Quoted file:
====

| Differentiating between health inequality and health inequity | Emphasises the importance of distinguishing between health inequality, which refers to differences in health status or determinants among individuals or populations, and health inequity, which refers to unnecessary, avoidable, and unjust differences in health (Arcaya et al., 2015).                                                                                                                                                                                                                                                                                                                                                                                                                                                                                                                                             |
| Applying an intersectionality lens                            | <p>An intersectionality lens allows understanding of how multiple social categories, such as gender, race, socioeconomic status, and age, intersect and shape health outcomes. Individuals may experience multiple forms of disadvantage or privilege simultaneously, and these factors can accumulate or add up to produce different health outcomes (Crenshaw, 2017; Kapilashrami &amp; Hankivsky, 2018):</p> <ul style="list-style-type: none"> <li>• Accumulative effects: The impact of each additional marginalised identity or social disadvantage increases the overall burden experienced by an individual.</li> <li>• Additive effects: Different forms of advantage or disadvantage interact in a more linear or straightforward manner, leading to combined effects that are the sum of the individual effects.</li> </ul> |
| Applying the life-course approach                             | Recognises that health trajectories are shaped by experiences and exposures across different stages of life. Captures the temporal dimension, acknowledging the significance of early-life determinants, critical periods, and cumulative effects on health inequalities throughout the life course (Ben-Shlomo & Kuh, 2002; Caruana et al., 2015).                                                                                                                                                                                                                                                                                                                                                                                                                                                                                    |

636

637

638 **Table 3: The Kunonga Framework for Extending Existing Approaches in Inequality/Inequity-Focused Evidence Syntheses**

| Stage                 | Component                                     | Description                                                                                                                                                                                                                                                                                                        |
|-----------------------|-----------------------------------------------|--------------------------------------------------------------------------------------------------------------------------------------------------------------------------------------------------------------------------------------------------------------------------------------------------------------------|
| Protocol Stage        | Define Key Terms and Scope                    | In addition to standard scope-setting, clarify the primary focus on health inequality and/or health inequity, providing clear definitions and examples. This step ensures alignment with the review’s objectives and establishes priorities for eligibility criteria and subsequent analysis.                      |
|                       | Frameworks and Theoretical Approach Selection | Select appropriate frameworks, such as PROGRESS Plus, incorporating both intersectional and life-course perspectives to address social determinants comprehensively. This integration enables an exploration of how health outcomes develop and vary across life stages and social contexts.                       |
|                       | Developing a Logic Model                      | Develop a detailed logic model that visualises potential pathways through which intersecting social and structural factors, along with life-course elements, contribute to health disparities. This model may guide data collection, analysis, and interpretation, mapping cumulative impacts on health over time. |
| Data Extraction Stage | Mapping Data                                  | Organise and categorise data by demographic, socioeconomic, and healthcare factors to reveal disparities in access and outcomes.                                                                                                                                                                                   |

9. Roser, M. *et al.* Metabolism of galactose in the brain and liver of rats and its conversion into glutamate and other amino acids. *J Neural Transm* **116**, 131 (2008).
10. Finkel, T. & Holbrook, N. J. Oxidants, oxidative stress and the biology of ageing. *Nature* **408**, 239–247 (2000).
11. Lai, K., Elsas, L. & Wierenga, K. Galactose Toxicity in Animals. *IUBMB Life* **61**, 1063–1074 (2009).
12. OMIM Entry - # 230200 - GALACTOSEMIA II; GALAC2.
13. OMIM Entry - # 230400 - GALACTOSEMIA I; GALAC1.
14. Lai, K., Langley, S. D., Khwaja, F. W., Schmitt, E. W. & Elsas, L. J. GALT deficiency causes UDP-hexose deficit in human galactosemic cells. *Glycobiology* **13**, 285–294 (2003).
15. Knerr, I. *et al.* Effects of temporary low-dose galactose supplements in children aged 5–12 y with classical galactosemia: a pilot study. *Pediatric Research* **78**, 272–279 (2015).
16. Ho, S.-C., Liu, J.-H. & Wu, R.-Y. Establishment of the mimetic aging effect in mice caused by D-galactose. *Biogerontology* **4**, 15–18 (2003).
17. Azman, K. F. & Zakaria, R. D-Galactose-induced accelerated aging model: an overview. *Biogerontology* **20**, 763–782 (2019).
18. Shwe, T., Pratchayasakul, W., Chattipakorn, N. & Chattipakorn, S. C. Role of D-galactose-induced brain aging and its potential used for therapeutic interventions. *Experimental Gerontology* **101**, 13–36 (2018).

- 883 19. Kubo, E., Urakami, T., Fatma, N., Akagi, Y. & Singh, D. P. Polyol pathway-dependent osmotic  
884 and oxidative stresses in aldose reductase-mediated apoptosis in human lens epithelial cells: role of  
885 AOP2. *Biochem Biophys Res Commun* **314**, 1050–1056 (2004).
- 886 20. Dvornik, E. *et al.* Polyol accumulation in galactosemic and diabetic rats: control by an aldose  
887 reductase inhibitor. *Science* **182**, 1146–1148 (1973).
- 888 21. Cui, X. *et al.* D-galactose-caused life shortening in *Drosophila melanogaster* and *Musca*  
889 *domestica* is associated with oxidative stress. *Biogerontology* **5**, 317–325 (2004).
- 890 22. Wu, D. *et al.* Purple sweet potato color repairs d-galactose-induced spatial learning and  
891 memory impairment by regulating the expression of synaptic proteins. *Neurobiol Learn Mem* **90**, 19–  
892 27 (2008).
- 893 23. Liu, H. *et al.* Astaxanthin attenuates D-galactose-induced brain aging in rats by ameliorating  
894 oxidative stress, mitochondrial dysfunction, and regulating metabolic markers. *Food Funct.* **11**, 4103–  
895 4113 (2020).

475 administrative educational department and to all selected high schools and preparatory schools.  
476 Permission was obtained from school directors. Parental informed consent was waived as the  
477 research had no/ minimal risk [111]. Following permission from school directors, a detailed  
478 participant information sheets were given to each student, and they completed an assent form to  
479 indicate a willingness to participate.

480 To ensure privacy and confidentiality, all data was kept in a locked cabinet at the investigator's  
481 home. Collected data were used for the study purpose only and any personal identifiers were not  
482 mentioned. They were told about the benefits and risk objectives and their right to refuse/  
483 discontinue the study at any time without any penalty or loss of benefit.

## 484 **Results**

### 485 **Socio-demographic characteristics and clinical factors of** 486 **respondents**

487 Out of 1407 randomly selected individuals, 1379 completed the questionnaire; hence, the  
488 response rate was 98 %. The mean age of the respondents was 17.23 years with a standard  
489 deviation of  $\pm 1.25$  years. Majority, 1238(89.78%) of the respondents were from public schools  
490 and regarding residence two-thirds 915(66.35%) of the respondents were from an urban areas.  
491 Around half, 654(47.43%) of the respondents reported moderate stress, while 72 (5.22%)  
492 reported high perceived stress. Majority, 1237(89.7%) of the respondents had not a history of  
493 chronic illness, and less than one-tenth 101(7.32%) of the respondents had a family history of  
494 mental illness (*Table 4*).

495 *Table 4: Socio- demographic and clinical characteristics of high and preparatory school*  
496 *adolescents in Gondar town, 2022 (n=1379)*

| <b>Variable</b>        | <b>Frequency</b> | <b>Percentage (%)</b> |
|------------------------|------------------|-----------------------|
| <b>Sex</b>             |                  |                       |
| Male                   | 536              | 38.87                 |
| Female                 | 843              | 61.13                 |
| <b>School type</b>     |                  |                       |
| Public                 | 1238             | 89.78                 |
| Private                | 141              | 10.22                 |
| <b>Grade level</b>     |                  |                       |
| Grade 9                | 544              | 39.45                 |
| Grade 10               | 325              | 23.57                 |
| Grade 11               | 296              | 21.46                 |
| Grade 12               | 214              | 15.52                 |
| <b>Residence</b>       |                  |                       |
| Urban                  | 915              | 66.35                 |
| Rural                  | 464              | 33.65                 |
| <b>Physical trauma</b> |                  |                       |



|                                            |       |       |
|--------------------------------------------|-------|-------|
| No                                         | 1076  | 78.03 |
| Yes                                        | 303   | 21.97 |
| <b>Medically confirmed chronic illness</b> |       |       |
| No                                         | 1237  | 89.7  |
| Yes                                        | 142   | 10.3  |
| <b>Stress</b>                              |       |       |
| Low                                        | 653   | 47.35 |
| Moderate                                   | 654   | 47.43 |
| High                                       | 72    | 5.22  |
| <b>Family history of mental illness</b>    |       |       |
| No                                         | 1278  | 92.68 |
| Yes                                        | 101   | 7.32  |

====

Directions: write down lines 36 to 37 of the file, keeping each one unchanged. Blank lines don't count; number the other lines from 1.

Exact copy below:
475 administrative educational department and to all selected high schools and preparatory schools.  
476 Permission was obtained from school directors. Parental informed consent was waived as the  